A dozen people who were under 15 in 1994 have testified at the genocide trial of former Rwandan gendarme Philippe Hategekimana before a Paris court. With frozen scenes, lost details and distorted time, they recount the chaos and massacres from a child’s perspective. They illustrate the phenomenon of “hypermnesia”, particular to child victims, and the difficulties it creates for criminal justice.
Marie Ingabire was seven years old when she saw her mother cut into pieces by Interahamwe militiamen at the foot of Bwezamenyo hill. Anne-Marie Mutuyimana was 10 at the time of the genocide, and Eugène Habakubaho was 11. A dozen people who were under 15 in 1994 have testified and acted as civil parties at Philippe Hategekimana’s trial. The former Rwandan gendarme – who obtained French citizenship in 2005 – has been on trial for genocide and crimes against humanity since May 10 in Paris. These child victims, now aged between 30 and 40, lost most of their relatives at the roadblocks that lined the Nyanza region in southern Rwanda, in the massacres in the Nyamure and Nyabubare hills, and at the Isar Songa agricultural science institute. Hategekimana is accused of having participated in, or even led, all these attacks between April 23 and early May 1994 – a period during which he claims to have been on his way to Kigali, where he had been transferred.
Some of these civil parties are the sole survivors of their families. And their testimonies – often interrupted by the pain of remembering – are tales of survival in widespread chaos, from a child’s point of view. They are just as precise about landscapes and certain details that changed their lives as they are vague on faces and dates.
On June 16, testifying by videoconference, Marie Ingabire recounts her mother’s last words: “If you must kill me, kill me, but please spare my child.” She remembers the elderly blind couple who told her to hide in the field behind their house, and the sorghum stalks she was told not to move.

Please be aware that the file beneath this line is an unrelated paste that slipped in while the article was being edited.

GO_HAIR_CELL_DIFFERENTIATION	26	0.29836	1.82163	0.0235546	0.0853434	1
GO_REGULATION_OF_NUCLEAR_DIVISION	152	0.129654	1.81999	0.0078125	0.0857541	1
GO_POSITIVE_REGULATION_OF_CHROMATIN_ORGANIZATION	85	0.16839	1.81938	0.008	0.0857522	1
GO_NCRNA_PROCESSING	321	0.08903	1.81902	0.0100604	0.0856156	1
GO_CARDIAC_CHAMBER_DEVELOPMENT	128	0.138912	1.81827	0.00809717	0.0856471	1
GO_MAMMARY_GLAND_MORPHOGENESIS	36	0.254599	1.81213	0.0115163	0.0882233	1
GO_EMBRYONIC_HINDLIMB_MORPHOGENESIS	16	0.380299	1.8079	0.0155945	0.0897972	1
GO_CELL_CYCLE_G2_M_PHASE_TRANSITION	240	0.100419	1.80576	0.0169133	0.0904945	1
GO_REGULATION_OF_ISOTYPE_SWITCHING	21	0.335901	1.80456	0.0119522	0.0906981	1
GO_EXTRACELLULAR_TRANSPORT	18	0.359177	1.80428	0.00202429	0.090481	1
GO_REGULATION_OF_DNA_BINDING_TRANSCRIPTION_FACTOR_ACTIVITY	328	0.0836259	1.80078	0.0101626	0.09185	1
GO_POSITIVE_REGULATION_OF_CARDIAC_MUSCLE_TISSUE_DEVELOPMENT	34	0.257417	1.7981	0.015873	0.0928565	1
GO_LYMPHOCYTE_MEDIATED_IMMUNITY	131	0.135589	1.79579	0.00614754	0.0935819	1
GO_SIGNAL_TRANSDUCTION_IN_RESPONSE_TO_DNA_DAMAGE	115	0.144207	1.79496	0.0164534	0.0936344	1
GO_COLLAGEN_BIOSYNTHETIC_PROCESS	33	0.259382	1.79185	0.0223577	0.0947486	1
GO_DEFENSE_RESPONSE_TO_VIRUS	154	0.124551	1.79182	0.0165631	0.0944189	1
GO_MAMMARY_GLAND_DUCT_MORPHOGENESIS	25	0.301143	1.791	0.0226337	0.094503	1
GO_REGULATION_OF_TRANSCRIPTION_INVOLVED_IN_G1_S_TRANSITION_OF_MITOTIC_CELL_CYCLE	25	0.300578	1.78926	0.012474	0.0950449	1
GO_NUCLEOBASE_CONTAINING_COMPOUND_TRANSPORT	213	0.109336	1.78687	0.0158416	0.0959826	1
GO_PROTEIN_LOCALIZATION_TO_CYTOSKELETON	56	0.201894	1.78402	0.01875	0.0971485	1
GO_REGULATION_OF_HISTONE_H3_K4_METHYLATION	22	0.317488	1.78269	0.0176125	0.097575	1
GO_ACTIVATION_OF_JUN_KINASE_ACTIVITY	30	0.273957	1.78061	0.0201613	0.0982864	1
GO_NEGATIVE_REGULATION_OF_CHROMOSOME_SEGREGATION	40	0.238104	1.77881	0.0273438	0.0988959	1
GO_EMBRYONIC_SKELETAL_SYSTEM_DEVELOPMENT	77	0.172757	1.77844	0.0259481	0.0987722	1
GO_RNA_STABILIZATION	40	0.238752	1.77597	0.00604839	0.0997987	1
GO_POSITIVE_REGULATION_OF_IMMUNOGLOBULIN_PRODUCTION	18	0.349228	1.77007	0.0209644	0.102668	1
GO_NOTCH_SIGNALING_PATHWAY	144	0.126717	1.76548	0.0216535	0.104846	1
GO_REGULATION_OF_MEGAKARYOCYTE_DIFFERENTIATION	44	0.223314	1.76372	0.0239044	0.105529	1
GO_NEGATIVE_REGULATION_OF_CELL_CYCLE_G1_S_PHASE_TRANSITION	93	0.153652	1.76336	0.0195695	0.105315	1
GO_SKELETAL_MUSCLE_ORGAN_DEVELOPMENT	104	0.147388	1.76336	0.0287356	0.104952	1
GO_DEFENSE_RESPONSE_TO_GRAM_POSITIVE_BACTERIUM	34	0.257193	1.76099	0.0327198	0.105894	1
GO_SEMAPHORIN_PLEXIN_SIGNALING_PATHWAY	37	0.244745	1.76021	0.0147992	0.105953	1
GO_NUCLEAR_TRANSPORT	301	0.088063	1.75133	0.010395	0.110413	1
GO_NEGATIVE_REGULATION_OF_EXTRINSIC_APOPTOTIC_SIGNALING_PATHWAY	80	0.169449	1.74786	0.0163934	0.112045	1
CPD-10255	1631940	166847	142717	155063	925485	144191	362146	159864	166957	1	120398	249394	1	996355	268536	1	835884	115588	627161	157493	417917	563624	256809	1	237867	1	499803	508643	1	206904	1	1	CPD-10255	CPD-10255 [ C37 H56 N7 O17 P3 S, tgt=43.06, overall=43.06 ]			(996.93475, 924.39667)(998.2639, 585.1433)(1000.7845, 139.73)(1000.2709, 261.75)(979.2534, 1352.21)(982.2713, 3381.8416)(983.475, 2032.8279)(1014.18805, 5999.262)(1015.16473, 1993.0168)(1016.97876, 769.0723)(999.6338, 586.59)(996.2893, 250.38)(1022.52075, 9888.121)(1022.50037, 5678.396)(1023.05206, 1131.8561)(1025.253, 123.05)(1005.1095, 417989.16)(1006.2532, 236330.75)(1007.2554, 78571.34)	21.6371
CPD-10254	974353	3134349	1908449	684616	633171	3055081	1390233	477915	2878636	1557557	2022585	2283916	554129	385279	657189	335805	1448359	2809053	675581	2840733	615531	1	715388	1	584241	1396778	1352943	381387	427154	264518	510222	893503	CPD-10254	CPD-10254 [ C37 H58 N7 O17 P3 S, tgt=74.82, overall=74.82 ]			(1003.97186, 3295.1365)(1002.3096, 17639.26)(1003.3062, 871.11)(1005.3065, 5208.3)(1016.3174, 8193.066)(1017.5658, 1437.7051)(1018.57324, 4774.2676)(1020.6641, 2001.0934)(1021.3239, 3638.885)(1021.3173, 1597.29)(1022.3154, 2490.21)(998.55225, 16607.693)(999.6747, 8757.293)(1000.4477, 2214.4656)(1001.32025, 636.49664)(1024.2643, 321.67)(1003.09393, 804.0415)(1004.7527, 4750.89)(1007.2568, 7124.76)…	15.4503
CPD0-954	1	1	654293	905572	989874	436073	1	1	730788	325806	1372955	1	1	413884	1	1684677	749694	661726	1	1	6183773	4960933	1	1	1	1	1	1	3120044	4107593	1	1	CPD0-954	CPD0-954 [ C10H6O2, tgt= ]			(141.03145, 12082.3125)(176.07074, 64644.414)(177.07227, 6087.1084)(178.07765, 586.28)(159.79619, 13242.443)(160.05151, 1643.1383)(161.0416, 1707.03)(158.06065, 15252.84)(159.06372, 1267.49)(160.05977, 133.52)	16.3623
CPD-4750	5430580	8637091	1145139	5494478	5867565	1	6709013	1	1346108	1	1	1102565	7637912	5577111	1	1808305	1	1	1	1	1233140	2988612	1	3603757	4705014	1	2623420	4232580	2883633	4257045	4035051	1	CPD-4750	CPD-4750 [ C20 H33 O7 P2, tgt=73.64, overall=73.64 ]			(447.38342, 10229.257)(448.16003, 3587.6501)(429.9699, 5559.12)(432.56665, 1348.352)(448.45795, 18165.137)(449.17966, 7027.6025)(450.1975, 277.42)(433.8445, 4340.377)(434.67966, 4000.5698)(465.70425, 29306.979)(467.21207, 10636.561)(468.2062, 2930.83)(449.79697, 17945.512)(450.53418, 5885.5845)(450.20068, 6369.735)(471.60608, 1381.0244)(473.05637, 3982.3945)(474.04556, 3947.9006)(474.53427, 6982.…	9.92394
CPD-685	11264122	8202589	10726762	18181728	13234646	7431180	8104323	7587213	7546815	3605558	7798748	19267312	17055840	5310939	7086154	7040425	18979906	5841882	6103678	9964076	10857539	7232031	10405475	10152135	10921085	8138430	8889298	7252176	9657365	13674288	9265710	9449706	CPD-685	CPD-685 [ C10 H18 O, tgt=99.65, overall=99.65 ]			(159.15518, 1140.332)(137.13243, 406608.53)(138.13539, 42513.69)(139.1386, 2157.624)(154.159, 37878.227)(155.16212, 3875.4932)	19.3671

Anne-Marie Mutuyimana was ten in 1994. On June 12 she told how she remembers hearing her father and uncle discussing, at the start of the genocide, the best hiding places for a child, such as certain squash trees whose thick foliage would be enough to camouflage someone small. This saved her life a few days later, when she was alone and being chased by an Interahamwe armed with a machete, and she scrambled under the branches of one of these trees. Earlier, hiding below the Nyamure hill, she remembers hearing a tremendous noise, “as if the hill was falling”. On this hill, where thousands of Tutsis had taken refuge, the Nyanza gendarmes – including Hategekimana – allegedly fired a mortar, according to the indictment
The challenge of identification
This story echoes that of Florence Nyirabarikumwe, aged nine that spring, who was at the top of the hill. “One day, in the early afternoon, I heard my mother say that it was the end of us, because this time the gendarmes were coming,” she told the court. “Then I heard the sound of bullets. I could hear things exploding, and I saw a piece of human flesh fall next to me.”